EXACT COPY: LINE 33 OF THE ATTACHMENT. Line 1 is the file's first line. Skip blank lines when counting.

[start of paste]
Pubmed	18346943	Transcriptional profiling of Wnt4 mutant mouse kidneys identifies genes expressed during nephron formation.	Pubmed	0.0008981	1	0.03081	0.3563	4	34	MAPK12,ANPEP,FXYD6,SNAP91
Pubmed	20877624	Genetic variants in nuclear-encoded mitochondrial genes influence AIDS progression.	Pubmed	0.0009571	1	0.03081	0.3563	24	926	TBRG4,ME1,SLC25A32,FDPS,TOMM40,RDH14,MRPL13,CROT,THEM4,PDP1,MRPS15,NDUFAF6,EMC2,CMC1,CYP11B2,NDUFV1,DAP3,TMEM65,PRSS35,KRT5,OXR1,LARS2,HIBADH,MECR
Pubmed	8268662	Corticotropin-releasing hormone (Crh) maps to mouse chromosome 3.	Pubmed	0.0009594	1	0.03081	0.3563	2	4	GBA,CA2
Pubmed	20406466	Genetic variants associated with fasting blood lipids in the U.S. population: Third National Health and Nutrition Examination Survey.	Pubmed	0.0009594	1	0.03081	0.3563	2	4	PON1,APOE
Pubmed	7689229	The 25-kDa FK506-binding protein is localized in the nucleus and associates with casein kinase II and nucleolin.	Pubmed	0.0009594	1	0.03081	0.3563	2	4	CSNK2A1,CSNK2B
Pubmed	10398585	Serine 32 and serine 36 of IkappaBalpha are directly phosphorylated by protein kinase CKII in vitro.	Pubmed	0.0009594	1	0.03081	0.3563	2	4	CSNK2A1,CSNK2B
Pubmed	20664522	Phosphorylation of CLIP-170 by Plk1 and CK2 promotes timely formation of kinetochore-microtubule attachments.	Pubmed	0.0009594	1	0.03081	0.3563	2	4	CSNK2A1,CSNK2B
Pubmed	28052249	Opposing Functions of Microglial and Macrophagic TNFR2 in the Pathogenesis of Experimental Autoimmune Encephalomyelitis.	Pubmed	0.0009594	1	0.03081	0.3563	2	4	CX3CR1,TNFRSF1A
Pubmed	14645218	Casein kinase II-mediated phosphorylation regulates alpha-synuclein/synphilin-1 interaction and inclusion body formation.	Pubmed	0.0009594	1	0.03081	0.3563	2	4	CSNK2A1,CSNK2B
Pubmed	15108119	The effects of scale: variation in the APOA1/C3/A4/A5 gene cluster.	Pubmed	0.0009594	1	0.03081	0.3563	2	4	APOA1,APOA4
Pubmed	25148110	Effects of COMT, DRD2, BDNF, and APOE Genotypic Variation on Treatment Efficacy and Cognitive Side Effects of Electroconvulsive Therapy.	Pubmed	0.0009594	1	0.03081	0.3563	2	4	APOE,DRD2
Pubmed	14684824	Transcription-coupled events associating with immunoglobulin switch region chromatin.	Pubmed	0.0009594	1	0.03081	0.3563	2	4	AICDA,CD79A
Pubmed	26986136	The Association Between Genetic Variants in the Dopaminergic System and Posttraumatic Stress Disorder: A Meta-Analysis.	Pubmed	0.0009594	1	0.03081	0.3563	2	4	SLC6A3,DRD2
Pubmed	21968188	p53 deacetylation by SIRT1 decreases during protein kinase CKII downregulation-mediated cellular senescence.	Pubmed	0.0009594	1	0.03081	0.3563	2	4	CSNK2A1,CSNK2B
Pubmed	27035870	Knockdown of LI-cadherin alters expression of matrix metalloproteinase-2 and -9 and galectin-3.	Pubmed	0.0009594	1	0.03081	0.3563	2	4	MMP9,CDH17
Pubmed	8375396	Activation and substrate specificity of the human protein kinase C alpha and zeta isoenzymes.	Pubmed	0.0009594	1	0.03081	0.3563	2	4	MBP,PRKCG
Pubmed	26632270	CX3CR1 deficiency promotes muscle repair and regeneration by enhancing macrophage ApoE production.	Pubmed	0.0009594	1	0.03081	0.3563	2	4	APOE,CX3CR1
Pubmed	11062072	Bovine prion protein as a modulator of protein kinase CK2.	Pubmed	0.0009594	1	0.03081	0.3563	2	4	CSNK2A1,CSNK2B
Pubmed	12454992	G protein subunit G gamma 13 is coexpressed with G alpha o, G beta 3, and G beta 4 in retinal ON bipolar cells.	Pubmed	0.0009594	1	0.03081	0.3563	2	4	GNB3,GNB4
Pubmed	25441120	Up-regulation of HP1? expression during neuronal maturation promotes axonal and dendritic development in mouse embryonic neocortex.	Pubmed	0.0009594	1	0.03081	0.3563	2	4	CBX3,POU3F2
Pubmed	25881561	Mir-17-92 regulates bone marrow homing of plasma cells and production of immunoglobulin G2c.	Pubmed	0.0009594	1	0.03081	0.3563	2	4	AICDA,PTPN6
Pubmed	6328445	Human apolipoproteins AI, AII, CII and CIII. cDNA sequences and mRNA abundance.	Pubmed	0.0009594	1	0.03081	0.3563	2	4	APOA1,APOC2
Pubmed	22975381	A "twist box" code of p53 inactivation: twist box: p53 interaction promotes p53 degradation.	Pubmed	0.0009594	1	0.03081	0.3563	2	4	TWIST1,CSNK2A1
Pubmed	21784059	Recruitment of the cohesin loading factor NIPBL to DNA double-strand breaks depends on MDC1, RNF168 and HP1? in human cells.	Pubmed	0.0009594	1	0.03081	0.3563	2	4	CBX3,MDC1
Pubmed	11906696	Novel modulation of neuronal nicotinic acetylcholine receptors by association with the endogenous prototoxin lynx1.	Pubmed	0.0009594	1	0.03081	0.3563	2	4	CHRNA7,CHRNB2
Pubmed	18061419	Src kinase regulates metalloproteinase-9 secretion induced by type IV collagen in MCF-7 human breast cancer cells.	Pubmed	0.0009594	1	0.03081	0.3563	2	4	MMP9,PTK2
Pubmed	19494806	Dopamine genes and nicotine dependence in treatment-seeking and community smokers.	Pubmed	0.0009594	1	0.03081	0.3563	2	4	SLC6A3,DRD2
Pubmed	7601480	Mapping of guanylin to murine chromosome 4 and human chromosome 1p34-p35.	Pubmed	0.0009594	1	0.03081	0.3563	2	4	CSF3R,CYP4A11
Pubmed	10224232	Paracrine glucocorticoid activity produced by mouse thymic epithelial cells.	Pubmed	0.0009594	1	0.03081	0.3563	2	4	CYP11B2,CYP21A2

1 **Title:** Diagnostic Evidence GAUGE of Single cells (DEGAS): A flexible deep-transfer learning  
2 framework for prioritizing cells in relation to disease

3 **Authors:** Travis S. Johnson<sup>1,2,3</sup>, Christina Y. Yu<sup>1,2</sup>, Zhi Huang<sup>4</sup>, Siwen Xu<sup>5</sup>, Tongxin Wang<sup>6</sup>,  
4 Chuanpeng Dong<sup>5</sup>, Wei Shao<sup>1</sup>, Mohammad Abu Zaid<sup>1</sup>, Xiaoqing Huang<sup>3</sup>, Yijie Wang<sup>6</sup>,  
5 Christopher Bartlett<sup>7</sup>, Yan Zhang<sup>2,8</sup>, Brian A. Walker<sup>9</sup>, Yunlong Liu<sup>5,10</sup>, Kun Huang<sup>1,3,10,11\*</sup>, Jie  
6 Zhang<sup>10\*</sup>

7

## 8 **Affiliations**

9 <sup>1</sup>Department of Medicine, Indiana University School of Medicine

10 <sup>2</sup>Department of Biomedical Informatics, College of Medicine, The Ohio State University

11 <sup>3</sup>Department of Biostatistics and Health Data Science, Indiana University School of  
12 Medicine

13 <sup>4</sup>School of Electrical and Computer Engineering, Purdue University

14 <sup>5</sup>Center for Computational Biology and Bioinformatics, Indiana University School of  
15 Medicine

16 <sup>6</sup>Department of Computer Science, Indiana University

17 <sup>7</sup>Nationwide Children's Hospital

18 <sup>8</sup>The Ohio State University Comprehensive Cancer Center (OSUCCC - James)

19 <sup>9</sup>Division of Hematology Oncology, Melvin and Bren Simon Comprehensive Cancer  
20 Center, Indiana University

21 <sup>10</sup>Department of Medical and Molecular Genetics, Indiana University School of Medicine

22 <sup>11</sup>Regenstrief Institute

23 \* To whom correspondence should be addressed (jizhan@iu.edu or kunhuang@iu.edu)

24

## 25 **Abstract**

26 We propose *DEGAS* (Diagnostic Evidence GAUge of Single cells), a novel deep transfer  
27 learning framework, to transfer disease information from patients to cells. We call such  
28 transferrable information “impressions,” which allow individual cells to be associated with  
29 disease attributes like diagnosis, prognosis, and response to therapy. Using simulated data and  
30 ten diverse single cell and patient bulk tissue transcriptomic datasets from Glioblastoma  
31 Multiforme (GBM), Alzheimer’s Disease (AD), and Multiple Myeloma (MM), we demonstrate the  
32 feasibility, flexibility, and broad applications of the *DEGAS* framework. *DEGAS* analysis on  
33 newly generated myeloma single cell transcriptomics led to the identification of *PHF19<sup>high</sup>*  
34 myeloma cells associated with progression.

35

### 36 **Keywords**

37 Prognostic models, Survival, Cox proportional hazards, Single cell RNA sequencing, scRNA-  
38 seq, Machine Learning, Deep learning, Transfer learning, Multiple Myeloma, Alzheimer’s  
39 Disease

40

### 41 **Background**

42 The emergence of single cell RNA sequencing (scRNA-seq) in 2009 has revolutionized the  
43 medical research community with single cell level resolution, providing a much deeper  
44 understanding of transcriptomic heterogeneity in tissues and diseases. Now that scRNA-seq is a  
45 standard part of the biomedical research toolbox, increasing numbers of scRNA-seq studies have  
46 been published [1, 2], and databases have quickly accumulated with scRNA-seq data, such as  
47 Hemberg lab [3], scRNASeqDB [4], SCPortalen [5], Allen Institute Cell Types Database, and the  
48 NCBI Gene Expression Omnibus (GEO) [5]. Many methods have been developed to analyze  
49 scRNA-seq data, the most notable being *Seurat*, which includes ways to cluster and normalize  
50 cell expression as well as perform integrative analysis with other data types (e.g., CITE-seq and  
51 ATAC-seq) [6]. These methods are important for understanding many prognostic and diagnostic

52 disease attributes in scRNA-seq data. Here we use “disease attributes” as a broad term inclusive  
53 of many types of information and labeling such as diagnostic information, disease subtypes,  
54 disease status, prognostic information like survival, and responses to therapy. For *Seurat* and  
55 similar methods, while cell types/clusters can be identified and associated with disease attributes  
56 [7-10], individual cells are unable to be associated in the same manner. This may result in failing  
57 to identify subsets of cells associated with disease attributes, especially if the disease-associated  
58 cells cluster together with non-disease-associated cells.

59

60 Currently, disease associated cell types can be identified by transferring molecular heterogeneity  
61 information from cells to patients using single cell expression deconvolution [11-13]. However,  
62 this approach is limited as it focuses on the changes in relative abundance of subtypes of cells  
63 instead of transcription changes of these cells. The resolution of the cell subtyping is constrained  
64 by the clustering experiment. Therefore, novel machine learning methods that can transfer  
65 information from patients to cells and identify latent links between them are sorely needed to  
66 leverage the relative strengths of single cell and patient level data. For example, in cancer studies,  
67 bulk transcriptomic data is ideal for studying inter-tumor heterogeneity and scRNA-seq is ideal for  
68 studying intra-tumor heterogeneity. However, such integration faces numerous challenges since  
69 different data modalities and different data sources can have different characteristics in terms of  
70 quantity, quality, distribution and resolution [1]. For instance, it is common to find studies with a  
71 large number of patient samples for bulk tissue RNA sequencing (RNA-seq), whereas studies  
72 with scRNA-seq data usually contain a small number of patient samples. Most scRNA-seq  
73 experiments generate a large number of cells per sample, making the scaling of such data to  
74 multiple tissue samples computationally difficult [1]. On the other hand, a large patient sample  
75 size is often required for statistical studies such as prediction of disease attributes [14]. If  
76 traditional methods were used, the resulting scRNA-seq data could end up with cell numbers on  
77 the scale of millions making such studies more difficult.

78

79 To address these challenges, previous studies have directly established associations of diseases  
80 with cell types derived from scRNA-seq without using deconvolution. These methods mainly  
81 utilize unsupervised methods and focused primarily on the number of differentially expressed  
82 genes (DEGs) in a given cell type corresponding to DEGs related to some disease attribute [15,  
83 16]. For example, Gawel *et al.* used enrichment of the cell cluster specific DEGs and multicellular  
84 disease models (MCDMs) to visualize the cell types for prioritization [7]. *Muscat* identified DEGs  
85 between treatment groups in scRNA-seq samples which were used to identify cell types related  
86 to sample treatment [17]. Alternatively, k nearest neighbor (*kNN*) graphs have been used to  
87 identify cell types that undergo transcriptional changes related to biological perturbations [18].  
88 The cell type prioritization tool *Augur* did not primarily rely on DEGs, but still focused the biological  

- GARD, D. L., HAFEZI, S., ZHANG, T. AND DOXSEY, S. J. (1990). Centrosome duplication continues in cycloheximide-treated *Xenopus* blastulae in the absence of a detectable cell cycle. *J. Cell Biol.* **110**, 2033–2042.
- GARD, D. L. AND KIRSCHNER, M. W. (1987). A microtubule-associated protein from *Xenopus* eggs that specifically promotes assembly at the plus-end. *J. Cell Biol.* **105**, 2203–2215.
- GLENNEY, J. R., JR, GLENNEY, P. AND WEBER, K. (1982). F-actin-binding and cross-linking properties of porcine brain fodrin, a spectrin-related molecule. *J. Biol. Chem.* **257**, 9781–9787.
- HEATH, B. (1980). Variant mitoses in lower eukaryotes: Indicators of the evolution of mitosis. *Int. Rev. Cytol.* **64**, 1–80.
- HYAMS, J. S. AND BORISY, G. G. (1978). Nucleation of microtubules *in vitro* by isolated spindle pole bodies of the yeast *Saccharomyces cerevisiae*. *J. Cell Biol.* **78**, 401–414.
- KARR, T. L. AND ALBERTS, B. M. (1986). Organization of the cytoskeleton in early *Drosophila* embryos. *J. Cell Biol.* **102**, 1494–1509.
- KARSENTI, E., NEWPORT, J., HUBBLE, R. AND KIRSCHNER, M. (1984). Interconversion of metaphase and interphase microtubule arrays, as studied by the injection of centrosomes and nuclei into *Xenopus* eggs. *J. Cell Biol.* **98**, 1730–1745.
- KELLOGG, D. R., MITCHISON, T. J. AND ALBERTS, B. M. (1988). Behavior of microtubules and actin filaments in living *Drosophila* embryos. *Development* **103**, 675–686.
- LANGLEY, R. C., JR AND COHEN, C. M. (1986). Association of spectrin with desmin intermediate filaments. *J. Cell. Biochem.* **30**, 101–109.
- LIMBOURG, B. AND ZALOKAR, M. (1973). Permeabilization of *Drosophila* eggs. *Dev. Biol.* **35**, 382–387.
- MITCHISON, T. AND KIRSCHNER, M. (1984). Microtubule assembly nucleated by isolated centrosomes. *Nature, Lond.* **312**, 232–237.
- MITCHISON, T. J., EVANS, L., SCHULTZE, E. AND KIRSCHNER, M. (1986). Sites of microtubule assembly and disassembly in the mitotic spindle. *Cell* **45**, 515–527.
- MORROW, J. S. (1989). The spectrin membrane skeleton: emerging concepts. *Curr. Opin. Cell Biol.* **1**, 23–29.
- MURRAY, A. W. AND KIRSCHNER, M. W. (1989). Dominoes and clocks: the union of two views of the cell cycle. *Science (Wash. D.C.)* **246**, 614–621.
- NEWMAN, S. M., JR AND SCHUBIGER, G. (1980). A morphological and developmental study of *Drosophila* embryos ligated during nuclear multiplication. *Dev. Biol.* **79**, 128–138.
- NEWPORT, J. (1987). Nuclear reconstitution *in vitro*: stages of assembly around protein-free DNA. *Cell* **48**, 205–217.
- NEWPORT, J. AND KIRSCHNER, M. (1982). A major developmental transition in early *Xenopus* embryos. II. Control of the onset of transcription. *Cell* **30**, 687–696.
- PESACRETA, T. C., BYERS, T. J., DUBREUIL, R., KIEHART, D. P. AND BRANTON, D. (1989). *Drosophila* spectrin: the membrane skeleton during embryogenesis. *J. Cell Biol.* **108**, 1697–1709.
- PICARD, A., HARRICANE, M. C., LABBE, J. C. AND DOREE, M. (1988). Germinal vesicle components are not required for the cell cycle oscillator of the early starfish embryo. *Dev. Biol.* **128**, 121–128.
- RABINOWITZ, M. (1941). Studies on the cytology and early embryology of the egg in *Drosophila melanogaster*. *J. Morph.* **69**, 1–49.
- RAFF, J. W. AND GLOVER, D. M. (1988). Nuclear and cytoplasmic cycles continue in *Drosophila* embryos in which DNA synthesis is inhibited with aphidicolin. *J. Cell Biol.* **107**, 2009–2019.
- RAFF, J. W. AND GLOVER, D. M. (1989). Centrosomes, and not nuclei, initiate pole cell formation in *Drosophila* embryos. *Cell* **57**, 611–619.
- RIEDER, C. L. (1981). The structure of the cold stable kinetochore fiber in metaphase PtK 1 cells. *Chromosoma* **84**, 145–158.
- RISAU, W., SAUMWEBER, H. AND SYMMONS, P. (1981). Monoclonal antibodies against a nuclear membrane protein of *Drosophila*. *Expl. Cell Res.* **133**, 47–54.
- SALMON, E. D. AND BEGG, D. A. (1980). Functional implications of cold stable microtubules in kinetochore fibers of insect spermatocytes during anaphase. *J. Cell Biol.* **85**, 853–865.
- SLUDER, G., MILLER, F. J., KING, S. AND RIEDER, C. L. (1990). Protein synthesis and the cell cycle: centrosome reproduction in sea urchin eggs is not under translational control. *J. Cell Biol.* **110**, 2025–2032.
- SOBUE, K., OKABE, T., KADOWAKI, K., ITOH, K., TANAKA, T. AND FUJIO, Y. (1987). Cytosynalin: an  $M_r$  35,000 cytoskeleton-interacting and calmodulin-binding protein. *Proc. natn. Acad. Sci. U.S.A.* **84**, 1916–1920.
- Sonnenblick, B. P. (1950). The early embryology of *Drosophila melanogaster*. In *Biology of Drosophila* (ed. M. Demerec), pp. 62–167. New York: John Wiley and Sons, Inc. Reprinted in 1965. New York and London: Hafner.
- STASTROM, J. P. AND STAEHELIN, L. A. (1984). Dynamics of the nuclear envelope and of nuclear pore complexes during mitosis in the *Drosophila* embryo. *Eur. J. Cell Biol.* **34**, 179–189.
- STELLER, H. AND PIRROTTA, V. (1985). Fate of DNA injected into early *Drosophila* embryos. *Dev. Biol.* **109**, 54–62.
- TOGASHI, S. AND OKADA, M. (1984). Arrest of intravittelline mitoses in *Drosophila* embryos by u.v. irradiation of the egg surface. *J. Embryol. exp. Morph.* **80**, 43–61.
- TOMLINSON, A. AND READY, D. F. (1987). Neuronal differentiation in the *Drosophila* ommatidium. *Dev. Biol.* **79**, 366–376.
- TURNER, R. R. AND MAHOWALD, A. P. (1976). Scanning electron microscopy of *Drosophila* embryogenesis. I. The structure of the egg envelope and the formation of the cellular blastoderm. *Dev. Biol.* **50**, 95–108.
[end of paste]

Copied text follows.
4 Chuanpeng Dong<sup>5</sup>, Wei Shao<sup>1</sup>, Mohammad Abu Zaid<sup>1</sup>, Xiaoqing Huang<sup>3</sup>, Yijie Wang<sup>6</sup>,  